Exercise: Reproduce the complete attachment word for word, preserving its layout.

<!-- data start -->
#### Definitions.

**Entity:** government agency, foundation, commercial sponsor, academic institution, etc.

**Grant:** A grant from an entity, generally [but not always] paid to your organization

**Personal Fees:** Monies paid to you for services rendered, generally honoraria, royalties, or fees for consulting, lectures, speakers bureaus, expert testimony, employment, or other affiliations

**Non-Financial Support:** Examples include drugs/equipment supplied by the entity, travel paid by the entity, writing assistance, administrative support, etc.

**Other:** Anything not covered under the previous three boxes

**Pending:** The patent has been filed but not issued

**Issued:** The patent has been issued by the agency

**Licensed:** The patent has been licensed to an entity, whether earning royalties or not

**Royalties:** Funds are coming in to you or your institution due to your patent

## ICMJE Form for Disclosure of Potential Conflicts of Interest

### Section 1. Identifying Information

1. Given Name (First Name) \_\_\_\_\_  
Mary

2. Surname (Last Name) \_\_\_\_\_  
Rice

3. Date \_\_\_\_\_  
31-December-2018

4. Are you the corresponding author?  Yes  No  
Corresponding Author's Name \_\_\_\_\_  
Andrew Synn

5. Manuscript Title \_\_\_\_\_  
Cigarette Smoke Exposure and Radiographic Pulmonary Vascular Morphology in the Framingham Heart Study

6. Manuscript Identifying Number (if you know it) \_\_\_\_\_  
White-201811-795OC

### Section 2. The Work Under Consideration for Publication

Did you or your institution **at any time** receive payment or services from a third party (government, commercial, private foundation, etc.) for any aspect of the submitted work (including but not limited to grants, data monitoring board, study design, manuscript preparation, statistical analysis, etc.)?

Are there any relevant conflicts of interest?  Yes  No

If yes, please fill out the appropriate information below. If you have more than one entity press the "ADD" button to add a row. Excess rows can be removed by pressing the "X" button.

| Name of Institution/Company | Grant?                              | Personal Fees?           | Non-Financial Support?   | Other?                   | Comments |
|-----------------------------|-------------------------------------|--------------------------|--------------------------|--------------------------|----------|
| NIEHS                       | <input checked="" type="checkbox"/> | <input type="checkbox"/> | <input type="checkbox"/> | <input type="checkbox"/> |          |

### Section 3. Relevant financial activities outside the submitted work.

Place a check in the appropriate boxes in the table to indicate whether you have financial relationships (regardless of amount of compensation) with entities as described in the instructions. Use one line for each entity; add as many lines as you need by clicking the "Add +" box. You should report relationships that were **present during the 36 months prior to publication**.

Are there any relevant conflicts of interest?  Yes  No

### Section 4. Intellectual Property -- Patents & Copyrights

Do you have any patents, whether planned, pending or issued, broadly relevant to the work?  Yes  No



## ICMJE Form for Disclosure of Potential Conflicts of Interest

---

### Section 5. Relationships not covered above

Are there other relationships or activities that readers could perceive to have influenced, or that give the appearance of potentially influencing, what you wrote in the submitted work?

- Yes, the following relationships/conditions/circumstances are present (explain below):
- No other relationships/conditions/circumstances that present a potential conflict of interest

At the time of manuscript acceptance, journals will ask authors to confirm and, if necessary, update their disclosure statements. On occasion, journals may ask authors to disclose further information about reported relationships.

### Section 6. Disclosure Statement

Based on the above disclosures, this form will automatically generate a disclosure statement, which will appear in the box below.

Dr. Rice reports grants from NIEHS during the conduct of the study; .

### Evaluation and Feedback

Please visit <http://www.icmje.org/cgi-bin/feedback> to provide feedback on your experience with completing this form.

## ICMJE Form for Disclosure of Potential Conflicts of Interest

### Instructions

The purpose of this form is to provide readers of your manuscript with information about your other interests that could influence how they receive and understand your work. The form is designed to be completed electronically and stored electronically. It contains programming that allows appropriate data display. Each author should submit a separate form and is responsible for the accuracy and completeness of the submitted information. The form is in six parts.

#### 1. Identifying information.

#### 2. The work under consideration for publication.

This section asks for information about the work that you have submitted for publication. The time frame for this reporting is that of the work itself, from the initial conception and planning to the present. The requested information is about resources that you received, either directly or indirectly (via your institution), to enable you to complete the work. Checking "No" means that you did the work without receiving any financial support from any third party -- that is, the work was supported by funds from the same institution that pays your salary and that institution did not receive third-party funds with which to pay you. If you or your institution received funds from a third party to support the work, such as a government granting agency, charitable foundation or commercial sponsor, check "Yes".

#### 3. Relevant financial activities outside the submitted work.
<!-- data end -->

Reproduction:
#### Definitions.

**Entity:** government agency, foundation, commercial sponsor, academic institution, etc.

**Grant:** A grant from an entity, generally [but not always] paid to your organization

**Personal Fees:** Monies paid to you for services rendered, generally honoraria, royalties, or fees for consulting, lectures, speakers bureaus, expert testimony, employment, or other affiliations

**Non-Financial Support:** Examples include drugs/equipment supplied by the entity, travel paid by the entity, writing assistance, administrative support, etc.

**Other:** Anything not covered under the previous three boxes

**Pending:** The patent has been filed but not issued

**Issued:** The patent has been issued by the agency

**Licensed:** The patent has been licensed to an entity, whether earning royalties or not

**Royalties:** Funds are coming in to you or your institution due to your patent

## ICMJE Form for Disclosure of Potential Conflicts of Interest

### Section 1. Identifying Information

1. Given Name (First Name) \_\_\_\_\_  
Mary

2. Surname (Last Name) \_\_\_\_\_  
Rice

3. Date \_\_\_\_\_  
31-December-2018

4. Are you the corresponding author?  Yes  No  
Corresponding Author's Name \_\_\_\_\_  
Andrew Synn

5. Manuscript Title \_\_\_\_\_  
Cigarette Smoke Exposure and Radiographic Pulmonary Vascular Morphology in the Framingham Heart Study

6. Manuscript Identifying Number (if you know it) \_\_\_\_\_  
White-201811-795OC

### Section 2. The Work Under Consideration for Publication

Did you or your institution **at any time** receive payment or services from a third party (government, commercial, private foundation, etc.) for any aspect of the submitted work (including but not limited to grants, data monitoring board, study design, manuscript preparation, statistical analysis, etc.)?

Are there any relevant conflicts of interest?  Yes  No

If yes, please fill out the appropriate information below. If you have more than one entity press the "ADD" button to add a row. Excess rows can be removed by pressing the "X" button.

| Name of Institution/Company | Grant?                              | Personal Fees?           | Non-Financial Support?   | Other?                   | Comments |
|-----------------------------|-------------------------------------|--------------------------|--------------------------|--------------------------|----------|
| NIEHS                       | <input checked="" type="checkbox"/> | <input type="checkbox"/> | <input type="checkbox"/> | <input type="checkbox"/> |          |

### Section 3. Relevant financial activities outside the submitted work.

Place a check in the appropriate boxes in the table to indicate whether you have financial relationships (regardless of amount of compensation) with entities as described in the instructions. Use one line for each entity; add as many lines as you need by clicking the "Add +" box. You should report relationships that were **present during the 36 months prior to publication**.

Are there any relevant conflicts of interest?  Yes  No

### Section 4. Intellectual Property -- Patents & Copyrights

Do you have any patents, whether planned, pending or issued, broadly relevant to the work?  Yes  No



## ICMJE Form for Disclosure of Potential Conflicts of Interest

---

### Section 5. Relationships not covered above

Are there other relationships or activities that readers could perceive to have influenced, or that give the appearance of potentially influencing, what you wrote in the submitted work?

- Yes, the following relationships/conditions/circumstances are present (explain below):
- No other relationships/conditions/circumstances that present a potential conflict of interest

At the time of manuscript acceptance, journals will ask authors to confirm and, if necessary, update their disclosure statements. On occasion, journals may ask authors to disclose further information about reported relationships.

### Section 6. Disclosure Statement

Based on the above disclosures, this form will automatically generate a disclosure statement, which will appear in the box below.

Dr. Rice reports grants from NIEHS during the conduct of the study; .

### Evaluation and Feedback

Please visit <http://www.icmje.org/cgi-bin/feedback> to provide feedback on your experience with completing this form.

## ICMJE Form for Disclosure of Potential Conflicts of Interest

### Instructions

The purpose of this form is to provide readers of your manuscript with information about your other interests that could influence how they receive and understand your work. The form is designed to be completed electronically and stored electronically. It contains programming that allows appropriate data display. Each author should submit a separate form and is responsible for the accuracy and completeness of the submitted information. The form is in six parts.

#### 1. Identifying information.

#### 2. The work under consideration for publication.

This section asks for information about the work that you have submitted for publication. The time frame for this reporting is that of the work itself, from the initial conception and planning to the present. The requested information is about resources that you received, either directly or indirectly (via your institution), to enable you to complete the work. Checking "No" means that you did the work without receiving any financial support from any third party -- that is, the work was supported by funds from the same institution that pays your salary and that institution did not receive third-party funds with which to pay you. If you or your institution received funds from a third party to support the work, such as a government granting agency, charitable foundation or commercial sponsor, check "Yes".

#### 3. Relevant financial activities outside the submitted work.